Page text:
A pleasure to burn perhaps, but not a pleasure to watch.
(Image via Pintrest)
It’s worth noting the quality of the visuals in Fantastic Voyage, which earned the movie two Academy Awards. Art Cruickshank’s visual effects pushed the limits of compositing technology at the time, while Jack Martin Smith and Dale Hennessy’s clean and functional design work made the secret military base setting seem real. The movie may have had a leg up on some of its competitors that year, since Isaac Asimov’s novelization of the movie had received mostly positive reviews. This might have been a very worthy Hugo winner, if it hadn’t been for the genre-defining presence of Star Trek.

From the day that Gene Roddenberry first showed “The Cage” and “Where No Man Has Gone Before” at the 1966 Worldcon in Cleveland, Star Trek had dominated discussions of science fiction. One unsigned complaint in the fanzine Algol notes “somewhat more than half of every fanzine I have seen this year was concerned with one subject and one subject alone: Star Trek.” Three episodes made the ballot in that first year: “The Menagerie,” “The Corbomite Maneuver,” and “The Naked Time.” 

“The Naked Time,” which aired first of the shortlisted episodes, is without a doubt one of the most well-remembered episodes of the original series, if for no other reason than the image of a shirtless Sulu wielding a fencing sword. The episode — which depicts a touch-transmitted disease that causes the protagonists to become disinhibited and act drunk — features some of the earliest moments of the series that show the range and depth of the characters. While “space makes people go mad” storylines were already a tired trope by the 1960s, the panache of the direction and the strong performances elevate the material. For at least one member of our viewing club, this would have been the top pick from the year.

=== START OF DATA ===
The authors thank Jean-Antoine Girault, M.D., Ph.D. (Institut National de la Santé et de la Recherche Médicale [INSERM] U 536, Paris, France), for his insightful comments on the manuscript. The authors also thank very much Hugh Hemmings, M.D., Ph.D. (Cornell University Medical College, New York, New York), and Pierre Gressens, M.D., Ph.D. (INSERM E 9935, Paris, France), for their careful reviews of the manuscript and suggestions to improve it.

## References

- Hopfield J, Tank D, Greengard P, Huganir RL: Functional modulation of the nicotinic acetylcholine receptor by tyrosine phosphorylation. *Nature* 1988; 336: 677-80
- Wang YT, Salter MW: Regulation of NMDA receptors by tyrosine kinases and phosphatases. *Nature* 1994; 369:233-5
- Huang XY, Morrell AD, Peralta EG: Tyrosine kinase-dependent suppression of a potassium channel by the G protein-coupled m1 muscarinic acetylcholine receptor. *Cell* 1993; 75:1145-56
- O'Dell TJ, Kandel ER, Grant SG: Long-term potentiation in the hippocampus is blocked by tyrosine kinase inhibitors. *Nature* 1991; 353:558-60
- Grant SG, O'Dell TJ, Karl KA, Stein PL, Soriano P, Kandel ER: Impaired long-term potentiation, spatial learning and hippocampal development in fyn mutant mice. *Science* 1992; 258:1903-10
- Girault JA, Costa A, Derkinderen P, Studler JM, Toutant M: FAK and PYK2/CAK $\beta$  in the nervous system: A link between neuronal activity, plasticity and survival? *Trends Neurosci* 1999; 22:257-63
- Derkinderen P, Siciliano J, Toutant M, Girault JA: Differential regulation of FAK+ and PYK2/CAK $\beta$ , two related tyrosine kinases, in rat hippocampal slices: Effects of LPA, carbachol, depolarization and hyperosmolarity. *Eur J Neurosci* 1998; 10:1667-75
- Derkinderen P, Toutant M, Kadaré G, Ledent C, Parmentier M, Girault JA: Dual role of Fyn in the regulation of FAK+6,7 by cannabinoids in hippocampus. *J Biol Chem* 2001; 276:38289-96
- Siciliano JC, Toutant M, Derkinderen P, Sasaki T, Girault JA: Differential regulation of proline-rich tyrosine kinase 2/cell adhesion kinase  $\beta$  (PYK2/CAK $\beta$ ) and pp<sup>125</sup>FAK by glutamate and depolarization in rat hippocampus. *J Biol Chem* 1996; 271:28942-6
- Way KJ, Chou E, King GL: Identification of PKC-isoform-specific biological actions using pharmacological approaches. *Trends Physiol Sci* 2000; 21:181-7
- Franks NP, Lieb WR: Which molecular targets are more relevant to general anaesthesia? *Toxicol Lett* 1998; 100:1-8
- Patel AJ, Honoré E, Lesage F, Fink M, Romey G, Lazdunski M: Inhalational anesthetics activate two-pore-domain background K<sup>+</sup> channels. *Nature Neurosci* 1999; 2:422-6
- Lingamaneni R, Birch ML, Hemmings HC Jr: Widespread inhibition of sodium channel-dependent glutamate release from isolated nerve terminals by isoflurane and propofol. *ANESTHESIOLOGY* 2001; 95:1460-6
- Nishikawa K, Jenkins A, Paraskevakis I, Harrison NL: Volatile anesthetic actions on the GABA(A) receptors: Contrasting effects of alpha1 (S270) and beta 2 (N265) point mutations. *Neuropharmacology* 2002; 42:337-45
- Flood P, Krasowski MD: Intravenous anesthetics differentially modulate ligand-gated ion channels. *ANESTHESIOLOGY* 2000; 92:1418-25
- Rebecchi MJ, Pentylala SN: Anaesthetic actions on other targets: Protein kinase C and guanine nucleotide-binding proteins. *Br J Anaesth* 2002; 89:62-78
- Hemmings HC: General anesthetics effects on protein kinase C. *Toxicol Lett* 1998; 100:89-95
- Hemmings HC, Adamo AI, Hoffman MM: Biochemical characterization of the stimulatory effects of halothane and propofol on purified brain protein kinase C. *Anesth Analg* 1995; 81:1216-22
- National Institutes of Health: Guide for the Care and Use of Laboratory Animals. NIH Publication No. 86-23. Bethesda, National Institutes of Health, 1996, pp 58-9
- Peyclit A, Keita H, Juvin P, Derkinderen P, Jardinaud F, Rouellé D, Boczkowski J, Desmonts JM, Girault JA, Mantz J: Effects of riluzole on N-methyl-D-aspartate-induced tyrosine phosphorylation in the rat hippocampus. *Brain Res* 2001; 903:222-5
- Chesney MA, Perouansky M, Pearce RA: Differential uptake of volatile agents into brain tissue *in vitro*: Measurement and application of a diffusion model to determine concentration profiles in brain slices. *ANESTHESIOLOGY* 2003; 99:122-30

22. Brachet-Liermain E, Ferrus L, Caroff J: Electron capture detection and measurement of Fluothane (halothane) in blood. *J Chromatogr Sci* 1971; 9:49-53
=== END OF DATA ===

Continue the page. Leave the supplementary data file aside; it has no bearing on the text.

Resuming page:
In a slightly less-well-remembered episode, “The Corbomite Maneuver,”  the Enterprise crew is
We’d suggest that of the eligible episodes
(those that aired in 1966) both "The Conscience
of the King," and "Balance of Terror" might
also have made very solid inclusions on the ballot.
(Image via Youtube)  

confronted by an immense and implacable alien ship that seems intent on destroying them. At the risk of offering a heterodox opinion, the primary plot of the episode is less clever than its authors seemed to think, with Captain Kirk’s bluff reading as ham-handed. But despite this criticism, there’s enough in the episode to make it a worthy inclusion on the ballot. The theme of resolving conflict and building bridges between cultures is well handled. And this is one of the first opportunities to observe Kirk as a trusting and supportive captain.

“The Menagerie” is the only two-part episode of the original series of Star Trek. Making use of the original unaired pilot, it brings back the original captain Christopher Pike on a quest to return to the planet of Talos IV. Though it would be difficult to argue that it’s one of the best Trek episodes, it’s fine and provides backstories and insights about the show’s intentions. But fans had other reasons to support “The Menagerie” for the Hugo Award.

“We're agreed that we vote for “The Menagerie” and get the Hugo for Roddenberry personally, even though that wasn’t really the best episode,” Hugo-winning fanzine editor Buck Coulson wrote. “It's the only way to honor the man who made all the Star Trek episodes possible.”

Given how significant Roddenberry’s contributions to the genre would prove to be, it’s difficult to argue that Hugo voters got it wrong.